NoSQL offers users scalability, flexibility, speed

User case studies at the NoSQL Now conference show NoSQL being used for a variety of reasons

By , IDG News Service |  Software

Data feeds produce much of this source data, which come from Web server logs and outside sources. The Hadoop Flume component is used to ingest data. The Hadoop cluster also executes a series of MapReduce jobs to parse the raw data into summaries.

AOL also uses Couchbase's CouchDB as a switching station of sorts for data arriving from the feeds. Because CouchDB can work with data without writing it to disk, it can be used to parse data quickly before sending it to the next step.

"We didn't anticipate ad targeting to be a primary [market] for us. But Couchbase ended up filling a need for AOL and other ad companies," Ingenthron said. The work is "technically complex and has a lot challenges in processing data very quickly."

Scientific and medical publishing house Elsevier was looking for greater flexibility when it procured an XML-based, non-relational database system from Mark Logic, said Elsevier Labs Vice President Bradley Allen.

The scientific publishing world is moving from a static model to a more dynamic one, Allen explained. For the past few centuries, printed scientific paper, collected in journals, served as the basic unit of knowledge. It contained a description of the work, the authors and contributors, references and other core components of information. While the scientific publishing world is moving to digital, paper remains the dominant medium for data communication. "We're still in the horse-and-carriage era," Allen quipped.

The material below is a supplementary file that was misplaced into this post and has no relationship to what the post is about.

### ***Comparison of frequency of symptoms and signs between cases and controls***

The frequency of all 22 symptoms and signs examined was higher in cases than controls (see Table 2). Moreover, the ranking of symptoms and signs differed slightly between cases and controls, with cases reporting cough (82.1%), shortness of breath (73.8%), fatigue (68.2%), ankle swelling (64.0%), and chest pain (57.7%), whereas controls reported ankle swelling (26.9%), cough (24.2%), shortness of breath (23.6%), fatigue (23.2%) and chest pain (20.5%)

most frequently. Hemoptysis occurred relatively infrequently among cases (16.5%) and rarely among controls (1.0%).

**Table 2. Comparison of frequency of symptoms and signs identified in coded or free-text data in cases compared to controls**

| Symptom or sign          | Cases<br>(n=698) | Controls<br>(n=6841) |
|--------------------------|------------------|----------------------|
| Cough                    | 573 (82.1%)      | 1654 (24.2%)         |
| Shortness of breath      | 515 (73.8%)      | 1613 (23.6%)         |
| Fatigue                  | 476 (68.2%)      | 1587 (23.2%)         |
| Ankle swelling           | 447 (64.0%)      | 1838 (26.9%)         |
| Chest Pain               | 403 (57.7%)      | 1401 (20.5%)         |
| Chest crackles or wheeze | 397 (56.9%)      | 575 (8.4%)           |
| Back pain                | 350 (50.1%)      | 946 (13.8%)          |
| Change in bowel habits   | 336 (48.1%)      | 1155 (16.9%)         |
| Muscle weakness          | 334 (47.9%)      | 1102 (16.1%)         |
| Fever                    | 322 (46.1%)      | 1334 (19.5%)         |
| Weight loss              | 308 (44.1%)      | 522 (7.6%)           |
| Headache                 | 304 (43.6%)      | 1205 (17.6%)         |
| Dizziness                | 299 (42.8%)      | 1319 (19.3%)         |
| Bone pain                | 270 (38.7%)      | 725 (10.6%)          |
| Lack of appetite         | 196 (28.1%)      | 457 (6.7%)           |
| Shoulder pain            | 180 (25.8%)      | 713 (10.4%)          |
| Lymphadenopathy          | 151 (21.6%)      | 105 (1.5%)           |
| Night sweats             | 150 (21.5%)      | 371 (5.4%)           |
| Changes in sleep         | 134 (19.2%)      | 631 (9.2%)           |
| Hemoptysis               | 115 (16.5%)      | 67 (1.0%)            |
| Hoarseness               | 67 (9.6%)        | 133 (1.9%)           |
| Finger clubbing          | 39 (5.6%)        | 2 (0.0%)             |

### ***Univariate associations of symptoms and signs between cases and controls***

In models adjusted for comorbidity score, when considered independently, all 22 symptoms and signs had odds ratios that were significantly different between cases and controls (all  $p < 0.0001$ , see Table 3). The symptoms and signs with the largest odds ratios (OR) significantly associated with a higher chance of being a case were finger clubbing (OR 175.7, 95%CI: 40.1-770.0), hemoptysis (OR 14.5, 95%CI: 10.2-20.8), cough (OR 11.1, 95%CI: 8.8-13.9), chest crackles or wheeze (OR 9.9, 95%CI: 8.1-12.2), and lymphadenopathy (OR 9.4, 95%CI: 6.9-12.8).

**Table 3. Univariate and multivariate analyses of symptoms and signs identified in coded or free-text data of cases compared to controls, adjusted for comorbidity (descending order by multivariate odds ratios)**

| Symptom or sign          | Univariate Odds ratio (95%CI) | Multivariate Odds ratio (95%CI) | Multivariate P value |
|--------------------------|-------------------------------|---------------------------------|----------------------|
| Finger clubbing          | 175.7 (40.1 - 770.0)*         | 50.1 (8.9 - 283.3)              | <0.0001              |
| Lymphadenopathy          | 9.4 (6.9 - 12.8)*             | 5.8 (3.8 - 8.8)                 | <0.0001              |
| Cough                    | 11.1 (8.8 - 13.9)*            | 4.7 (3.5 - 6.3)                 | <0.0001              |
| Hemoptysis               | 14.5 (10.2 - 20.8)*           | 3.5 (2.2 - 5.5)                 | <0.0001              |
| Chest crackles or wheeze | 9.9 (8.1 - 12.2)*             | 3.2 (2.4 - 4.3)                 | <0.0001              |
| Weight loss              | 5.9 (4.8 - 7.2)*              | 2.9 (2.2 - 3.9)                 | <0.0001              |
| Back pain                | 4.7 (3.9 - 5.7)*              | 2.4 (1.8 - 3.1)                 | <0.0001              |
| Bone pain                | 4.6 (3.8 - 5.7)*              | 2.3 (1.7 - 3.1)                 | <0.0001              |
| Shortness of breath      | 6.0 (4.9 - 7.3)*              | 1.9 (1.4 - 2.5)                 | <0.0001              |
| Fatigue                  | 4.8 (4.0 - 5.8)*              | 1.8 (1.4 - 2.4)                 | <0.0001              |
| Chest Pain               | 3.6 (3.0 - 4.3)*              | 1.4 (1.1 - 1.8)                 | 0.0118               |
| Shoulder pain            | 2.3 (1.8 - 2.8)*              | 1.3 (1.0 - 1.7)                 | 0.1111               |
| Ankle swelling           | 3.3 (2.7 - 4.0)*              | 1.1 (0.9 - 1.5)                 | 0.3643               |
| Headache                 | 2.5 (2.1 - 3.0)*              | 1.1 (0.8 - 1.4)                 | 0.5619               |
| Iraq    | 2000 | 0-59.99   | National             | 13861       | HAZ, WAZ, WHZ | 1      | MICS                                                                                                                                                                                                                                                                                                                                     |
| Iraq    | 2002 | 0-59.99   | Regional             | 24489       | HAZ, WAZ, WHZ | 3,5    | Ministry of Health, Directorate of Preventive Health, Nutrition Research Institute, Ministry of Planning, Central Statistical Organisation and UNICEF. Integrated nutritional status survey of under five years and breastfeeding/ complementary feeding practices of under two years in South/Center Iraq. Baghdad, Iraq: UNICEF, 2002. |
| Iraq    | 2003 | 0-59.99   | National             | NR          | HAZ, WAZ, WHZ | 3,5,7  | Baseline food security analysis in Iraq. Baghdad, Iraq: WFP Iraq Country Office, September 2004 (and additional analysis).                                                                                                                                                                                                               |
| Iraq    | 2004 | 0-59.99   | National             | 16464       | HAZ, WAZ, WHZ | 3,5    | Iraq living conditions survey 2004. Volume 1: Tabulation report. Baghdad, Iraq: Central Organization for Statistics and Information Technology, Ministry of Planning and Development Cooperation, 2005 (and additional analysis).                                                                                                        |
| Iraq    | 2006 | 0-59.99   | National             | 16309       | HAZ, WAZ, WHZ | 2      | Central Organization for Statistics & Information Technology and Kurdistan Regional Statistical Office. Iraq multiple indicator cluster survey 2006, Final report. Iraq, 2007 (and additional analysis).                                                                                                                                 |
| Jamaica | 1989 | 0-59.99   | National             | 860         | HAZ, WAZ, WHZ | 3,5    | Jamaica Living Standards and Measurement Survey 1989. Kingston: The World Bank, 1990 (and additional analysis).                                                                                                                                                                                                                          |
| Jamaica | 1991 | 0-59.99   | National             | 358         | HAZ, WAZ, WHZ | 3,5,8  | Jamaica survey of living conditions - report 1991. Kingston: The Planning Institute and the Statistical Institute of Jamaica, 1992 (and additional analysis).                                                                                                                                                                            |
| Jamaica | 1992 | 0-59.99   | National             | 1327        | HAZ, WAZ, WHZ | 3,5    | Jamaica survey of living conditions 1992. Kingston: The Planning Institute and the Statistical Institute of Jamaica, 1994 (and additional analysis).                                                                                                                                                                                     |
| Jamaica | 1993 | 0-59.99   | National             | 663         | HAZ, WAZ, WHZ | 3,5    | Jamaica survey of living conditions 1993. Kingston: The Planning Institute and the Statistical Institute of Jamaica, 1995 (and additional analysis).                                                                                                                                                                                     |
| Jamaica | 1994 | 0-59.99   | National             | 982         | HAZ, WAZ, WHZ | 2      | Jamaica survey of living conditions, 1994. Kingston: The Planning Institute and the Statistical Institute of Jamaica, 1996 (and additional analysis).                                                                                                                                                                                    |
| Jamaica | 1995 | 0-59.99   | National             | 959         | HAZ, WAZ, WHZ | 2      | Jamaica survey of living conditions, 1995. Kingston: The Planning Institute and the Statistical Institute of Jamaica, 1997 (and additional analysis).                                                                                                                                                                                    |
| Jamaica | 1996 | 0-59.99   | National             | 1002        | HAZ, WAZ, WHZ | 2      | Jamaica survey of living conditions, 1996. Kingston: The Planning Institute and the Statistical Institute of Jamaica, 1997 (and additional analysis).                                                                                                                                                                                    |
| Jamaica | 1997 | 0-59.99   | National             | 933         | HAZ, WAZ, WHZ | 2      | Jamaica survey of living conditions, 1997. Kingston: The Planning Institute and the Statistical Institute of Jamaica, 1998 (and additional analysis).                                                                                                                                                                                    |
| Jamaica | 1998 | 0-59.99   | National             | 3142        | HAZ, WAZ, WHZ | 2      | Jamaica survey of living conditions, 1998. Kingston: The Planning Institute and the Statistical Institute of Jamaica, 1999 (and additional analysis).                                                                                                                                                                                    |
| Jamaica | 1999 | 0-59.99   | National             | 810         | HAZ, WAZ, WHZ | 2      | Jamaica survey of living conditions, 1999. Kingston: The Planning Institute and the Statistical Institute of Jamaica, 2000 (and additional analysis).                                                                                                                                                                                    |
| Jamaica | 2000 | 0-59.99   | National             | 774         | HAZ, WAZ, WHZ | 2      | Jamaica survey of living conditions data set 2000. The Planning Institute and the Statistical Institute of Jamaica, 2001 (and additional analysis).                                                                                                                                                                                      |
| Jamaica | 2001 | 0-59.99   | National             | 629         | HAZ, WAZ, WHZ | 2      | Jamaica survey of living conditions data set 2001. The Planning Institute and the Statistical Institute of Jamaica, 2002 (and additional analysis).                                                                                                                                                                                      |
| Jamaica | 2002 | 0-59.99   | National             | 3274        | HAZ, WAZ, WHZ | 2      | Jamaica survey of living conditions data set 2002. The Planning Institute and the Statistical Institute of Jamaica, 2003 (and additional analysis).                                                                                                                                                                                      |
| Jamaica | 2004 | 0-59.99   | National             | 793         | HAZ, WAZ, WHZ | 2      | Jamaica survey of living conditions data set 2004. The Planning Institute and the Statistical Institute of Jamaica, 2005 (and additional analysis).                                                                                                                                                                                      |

Over time, the scientific paper will be decomposed into individual elements, which can be used in multiple products. Individual paragraphs or even individual assertions can be annotated and indexed, Allen predicted. They can then be reassembled into new works and embedded in applications, such as programs that doctors can consult. They can also be mined for new information through the use of analytics.

With this in mind, Elsevier is in the process of annotating the papers in its journals so they can be deployed in other applications and services. An XML database was a natural fit for this work, Allen explained. New content types can easily be added into a database, and the format allows individual components to be easily reused in new composite applications and services.

Elsevier has introduced a number of new products with this approach. One is the SciVal, a service for academic administrators that summarizes the publishing activity within their institution, giving them a quantitative idea of the organization's academic strengths and weaknesses. Another service is the Science Direct, a full-text search engine for Elsevier's journals.

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